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Obedience, Abiding, and Answered Prayer

Jesus said, “If you abide in me, and my words abide in you, ask whatever you wish, and it will be done for you” (John 15:7). John said something similar in his first epistle: “and whatever we ask we receive from him, because we keep his commandments and do what pleases him” (1 John 3:22). Clearly, both Jesus and John want us to understand that obedience is fundamental to effective prayer. But what exactly is the relationship between piety and prayer? The answer is found in a closer look at 1 John 3:21-22.

Confidence that God receives us warmly to himself is essential to a vibrant and vigorous prayer life. “We can have no more faith that our prayers are heard,” wrote John Owen, “than we have faith that our persons are accepted” (“Several Practical Cases of Conscience Resolved: Discourse VII,” The Works of John Owen, IX:380). As long as there are doubts and misgivings in our hearts, prayer will prove difficult, if not impossible. It is the assurance of our acceptance with God that generates a confident and therefore fruitful approach to him in prayer. John had this in view when he wrote, “Beloved, if our heart does not condemn us, we have confidence before God” (1 John 3:21). And the blessing that flows from a conscience at ease before God is answered prayer from God (and “whatever we ask we receive from him”).

John is not saying that God hears and answers our prayers merely because we have a clear conscience or because we lack feelings of guilt. “There is an objective, moral reason, namely ‘because we keep his commandments, and,’ more generally, ‘do those things that are pleasing in his sight’” (John Stott, Epistles of John, 149). Does this mean that obedience is the meritorious cause of answered prayer? Was John suggesting that prayer operates on the basis of a quid pro quo (“this for that” or “something for something”) in which we do this for God (obey) and he does that for us (answer prayers)? No.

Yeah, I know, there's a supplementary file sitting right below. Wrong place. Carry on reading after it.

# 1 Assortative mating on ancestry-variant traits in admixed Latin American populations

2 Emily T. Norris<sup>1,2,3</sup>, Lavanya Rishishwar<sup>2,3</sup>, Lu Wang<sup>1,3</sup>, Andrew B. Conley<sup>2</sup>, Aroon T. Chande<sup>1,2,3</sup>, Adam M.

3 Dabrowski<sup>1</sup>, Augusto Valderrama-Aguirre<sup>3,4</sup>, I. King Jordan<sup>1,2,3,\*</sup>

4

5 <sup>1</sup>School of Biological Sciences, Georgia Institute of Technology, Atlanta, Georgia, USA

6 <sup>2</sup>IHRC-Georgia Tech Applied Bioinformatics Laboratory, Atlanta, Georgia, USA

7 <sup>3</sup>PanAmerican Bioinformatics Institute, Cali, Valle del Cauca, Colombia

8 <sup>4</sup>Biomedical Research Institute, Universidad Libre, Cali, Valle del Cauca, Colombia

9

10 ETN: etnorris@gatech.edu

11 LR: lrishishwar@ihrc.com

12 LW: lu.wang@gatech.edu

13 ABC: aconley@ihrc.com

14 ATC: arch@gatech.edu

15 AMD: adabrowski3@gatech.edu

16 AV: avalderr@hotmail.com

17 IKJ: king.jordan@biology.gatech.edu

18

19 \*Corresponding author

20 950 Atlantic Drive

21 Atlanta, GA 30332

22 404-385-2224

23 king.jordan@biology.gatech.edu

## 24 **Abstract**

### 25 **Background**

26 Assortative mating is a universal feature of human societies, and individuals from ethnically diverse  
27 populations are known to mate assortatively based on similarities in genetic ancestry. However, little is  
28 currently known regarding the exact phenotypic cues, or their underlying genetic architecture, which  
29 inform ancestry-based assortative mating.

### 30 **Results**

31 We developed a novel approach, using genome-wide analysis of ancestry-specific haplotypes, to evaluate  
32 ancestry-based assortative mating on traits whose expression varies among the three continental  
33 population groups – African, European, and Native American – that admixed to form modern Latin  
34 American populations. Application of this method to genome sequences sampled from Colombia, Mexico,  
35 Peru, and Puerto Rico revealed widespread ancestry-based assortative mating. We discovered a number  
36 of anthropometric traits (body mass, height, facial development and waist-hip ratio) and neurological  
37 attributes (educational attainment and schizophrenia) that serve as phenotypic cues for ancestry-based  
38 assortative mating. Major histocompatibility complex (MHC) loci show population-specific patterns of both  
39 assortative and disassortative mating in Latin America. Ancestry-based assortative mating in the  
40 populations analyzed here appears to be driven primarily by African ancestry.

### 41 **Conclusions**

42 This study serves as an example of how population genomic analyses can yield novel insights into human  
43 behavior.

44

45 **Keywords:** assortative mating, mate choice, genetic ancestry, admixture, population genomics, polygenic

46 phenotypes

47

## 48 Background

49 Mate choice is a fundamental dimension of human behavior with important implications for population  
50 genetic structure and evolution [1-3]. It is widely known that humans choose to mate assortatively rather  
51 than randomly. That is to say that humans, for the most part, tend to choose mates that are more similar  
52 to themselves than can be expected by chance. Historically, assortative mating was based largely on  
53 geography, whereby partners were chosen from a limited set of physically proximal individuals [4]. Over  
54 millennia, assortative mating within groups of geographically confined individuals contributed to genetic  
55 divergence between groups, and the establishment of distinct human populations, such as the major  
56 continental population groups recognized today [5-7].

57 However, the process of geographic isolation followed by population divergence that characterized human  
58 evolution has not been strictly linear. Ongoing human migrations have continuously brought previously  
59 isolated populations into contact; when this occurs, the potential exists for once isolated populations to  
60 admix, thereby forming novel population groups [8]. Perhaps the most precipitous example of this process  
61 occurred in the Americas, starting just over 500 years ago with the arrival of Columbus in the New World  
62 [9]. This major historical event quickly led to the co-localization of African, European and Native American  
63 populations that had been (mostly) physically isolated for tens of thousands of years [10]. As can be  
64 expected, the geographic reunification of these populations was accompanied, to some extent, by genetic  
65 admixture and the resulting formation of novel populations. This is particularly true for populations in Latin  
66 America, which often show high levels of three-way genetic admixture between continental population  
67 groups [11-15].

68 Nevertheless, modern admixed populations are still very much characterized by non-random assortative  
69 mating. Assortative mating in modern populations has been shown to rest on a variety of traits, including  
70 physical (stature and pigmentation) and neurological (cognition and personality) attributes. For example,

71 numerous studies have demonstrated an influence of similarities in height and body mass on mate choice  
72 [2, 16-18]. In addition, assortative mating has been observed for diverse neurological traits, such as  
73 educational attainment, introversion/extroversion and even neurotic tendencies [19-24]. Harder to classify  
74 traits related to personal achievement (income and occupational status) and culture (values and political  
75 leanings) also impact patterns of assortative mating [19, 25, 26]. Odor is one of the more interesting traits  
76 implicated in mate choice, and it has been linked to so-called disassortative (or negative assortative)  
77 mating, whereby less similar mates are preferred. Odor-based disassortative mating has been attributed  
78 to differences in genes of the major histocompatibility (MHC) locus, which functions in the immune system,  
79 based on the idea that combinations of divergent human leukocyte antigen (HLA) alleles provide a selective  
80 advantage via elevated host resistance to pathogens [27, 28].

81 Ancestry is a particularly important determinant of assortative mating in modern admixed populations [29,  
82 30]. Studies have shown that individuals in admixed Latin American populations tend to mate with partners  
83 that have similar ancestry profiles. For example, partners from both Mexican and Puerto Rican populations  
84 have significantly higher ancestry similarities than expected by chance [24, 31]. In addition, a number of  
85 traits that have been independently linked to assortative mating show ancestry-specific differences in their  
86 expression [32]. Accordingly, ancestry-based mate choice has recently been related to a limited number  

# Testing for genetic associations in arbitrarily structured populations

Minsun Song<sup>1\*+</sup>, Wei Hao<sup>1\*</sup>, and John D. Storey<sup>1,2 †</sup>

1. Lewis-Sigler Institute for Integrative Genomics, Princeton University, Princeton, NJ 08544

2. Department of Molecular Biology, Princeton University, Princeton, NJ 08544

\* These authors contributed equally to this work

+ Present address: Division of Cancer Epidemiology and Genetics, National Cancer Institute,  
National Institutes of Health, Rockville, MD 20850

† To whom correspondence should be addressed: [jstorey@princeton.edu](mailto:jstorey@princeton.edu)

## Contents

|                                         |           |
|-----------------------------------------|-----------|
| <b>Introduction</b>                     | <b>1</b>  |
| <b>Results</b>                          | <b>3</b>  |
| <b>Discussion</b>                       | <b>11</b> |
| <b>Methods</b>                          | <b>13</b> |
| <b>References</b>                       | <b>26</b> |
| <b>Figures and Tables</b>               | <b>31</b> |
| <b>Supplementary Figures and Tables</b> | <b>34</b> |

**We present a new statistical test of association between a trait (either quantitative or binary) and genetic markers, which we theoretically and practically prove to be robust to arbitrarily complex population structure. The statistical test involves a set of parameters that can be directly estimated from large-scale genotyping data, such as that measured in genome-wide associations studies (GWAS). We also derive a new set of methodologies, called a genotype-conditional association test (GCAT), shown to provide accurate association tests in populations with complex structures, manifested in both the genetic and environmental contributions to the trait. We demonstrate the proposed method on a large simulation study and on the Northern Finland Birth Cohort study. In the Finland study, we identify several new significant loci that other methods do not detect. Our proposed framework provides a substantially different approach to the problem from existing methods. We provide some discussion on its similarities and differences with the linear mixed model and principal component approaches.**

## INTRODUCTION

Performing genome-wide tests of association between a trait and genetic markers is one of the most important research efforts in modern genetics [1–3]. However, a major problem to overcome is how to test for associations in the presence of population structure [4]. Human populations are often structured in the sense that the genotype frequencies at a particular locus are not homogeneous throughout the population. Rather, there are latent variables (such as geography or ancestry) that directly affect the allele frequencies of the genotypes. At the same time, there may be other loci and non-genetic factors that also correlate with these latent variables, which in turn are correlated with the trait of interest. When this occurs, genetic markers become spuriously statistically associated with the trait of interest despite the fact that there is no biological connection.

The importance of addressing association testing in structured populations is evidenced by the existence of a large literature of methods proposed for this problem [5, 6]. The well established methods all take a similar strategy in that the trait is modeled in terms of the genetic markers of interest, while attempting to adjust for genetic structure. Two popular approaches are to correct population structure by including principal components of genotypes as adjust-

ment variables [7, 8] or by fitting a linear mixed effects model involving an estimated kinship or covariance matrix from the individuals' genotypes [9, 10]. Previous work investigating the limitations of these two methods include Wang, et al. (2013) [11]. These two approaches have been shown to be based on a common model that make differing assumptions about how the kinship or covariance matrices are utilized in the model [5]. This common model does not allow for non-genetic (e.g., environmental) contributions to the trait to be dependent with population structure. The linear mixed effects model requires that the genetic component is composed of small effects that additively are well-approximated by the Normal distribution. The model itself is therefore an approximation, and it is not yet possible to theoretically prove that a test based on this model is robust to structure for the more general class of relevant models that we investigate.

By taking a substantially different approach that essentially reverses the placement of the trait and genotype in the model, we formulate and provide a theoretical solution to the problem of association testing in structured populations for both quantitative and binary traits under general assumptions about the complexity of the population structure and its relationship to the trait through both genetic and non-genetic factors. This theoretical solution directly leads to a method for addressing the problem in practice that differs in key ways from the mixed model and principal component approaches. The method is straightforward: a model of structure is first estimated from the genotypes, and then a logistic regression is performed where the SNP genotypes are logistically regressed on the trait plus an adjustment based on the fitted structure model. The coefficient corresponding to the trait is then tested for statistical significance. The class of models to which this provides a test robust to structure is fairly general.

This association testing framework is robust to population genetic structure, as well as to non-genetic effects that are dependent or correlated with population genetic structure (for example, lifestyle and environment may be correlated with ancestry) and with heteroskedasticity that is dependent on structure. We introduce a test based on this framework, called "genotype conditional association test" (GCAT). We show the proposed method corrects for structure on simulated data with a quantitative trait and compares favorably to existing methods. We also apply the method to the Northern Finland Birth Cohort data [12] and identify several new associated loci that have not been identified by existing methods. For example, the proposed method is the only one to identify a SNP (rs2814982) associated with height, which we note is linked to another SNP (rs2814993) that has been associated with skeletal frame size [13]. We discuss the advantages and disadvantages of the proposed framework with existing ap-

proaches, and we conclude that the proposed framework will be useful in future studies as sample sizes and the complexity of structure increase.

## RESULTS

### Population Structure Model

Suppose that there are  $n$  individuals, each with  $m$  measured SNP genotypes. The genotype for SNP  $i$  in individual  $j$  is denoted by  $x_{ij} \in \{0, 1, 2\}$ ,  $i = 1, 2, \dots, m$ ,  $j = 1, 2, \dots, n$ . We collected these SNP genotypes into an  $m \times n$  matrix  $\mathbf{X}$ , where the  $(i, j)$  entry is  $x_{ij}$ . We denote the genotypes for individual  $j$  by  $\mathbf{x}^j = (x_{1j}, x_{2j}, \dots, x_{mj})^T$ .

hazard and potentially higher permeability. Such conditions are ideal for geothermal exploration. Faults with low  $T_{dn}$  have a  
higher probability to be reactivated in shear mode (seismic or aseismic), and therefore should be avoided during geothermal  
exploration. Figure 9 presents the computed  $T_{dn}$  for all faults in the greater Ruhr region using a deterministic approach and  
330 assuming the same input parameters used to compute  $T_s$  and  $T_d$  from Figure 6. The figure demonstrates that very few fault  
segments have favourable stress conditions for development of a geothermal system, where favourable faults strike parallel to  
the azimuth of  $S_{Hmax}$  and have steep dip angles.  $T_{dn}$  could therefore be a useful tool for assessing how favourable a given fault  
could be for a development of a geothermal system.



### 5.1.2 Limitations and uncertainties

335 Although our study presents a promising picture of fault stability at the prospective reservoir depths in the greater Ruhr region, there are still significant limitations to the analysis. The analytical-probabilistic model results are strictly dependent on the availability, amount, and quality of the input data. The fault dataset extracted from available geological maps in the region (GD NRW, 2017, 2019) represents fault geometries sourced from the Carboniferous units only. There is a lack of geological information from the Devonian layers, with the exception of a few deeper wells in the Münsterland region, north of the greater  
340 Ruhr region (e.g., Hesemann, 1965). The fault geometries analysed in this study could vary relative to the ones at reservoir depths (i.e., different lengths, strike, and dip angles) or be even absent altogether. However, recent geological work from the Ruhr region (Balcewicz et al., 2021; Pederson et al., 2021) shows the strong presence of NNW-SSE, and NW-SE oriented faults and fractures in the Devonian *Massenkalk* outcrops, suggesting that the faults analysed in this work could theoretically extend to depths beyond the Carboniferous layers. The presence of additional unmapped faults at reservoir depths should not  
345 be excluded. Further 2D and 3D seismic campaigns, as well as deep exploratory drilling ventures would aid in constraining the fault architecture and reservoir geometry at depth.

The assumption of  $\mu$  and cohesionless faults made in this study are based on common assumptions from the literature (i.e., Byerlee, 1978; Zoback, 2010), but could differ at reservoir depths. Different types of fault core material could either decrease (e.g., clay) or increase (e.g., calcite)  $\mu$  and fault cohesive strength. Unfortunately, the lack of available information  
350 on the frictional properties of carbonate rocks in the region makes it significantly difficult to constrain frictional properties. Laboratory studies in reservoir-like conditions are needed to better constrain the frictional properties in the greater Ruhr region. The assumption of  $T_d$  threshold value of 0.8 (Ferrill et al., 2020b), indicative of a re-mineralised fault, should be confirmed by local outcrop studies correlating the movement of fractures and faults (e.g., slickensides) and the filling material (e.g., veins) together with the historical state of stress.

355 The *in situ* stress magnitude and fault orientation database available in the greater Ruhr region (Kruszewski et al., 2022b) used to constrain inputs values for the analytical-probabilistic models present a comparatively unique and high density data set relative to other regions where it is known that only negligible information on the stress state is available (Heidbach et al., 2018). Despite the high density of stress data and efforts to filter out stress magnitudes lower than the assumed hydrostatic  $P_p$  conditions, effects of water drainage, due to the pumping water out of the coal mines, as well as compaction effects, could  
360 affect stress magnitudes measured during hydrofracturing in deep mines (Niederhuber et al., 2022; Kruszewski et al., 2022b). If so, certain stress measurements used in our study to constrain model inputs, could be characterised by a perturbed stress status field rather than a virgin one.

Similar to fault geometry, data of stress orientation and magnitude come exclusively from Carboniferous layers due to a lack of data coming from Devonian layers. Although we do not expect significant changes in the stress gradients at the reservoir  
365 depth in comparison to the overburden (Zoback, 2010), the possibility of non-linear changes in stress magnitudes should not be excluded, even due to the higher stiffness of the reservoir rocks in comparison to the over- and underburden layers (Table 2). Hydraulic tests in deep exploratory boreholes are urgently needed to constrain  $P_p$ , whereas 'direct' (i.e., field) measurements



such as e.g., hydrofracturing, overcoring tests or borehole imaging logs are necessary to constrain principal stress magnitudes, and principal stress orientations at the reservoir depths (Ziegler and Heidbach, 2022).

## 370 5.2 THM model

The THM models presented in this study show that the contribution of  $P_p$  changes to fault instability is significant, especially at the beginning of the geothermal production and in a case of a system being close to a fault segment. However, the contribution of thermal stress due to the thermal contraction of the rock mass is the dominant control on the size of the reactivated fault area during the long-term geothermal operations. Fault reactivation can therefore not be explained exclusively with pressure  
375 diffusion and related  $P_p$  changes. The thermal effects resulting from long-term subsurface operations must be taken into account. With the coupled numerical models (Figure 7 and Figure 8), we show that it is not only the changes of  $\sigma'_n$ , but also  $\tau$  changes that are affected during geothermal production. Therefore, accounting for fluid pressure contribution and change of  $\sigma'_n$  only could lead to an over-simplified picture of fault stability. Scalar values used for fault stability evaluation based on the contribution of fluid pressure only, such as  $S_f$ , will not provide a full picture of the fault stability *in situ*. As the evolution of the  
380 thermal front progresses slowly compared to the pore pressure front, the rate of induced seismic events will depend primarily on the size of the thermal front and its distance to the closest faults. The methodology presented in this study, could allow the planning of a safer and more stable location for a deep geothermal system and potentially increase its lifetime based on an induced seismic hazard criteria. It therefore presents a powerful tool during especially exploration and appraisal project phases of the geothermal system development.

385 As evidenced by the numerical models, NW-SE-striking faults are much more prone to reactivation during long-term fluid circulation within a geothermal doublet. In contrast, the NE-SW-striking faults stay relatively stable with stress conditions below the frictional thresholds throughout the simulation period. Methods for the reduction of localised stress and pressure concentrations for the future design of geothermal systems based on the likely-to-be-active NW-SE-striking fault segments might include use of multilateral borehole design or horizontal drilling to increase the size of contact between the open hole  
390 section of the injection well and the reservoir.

The solution begins with the reminder that on several occasions, in both his Gospel and his First Epistle, John linked abiding (or “remaining”) in Christ with obedience to Christ (some would say he identifies them). We see this in John 15 as well as in 1 John 2:3-6, 10, 24, 27-29; 3:6, 9, and especially 3:24 (“whoever keeps his commandments abides in God, and God in him”). John obviously has in mind a deeply intimate and harmonious relationship between the believer and the Lord Jesus Christ.

In this sort of relationship, our will is one with his. We want what he wants. This unity of our wills with his is manifest outwardly in that we live the way God wants us to live. If we persist in disobedience to his commands, clearly there is a conflict between his will and ours. On the other hand, if we are pursuing and practicing those things that we know are pleasing to him, it can only be because our will is, in a sense, indistinguishable from his. This is the key to what John and Jesus are saying.

The reason John is able to promise answered prayer to those who obey is because obedience is the visible evidence of an invisible harmony between God’s will and our own. The believer who wants what God wants, lives the life God loves, and therefore prays the prayer that God will answer.

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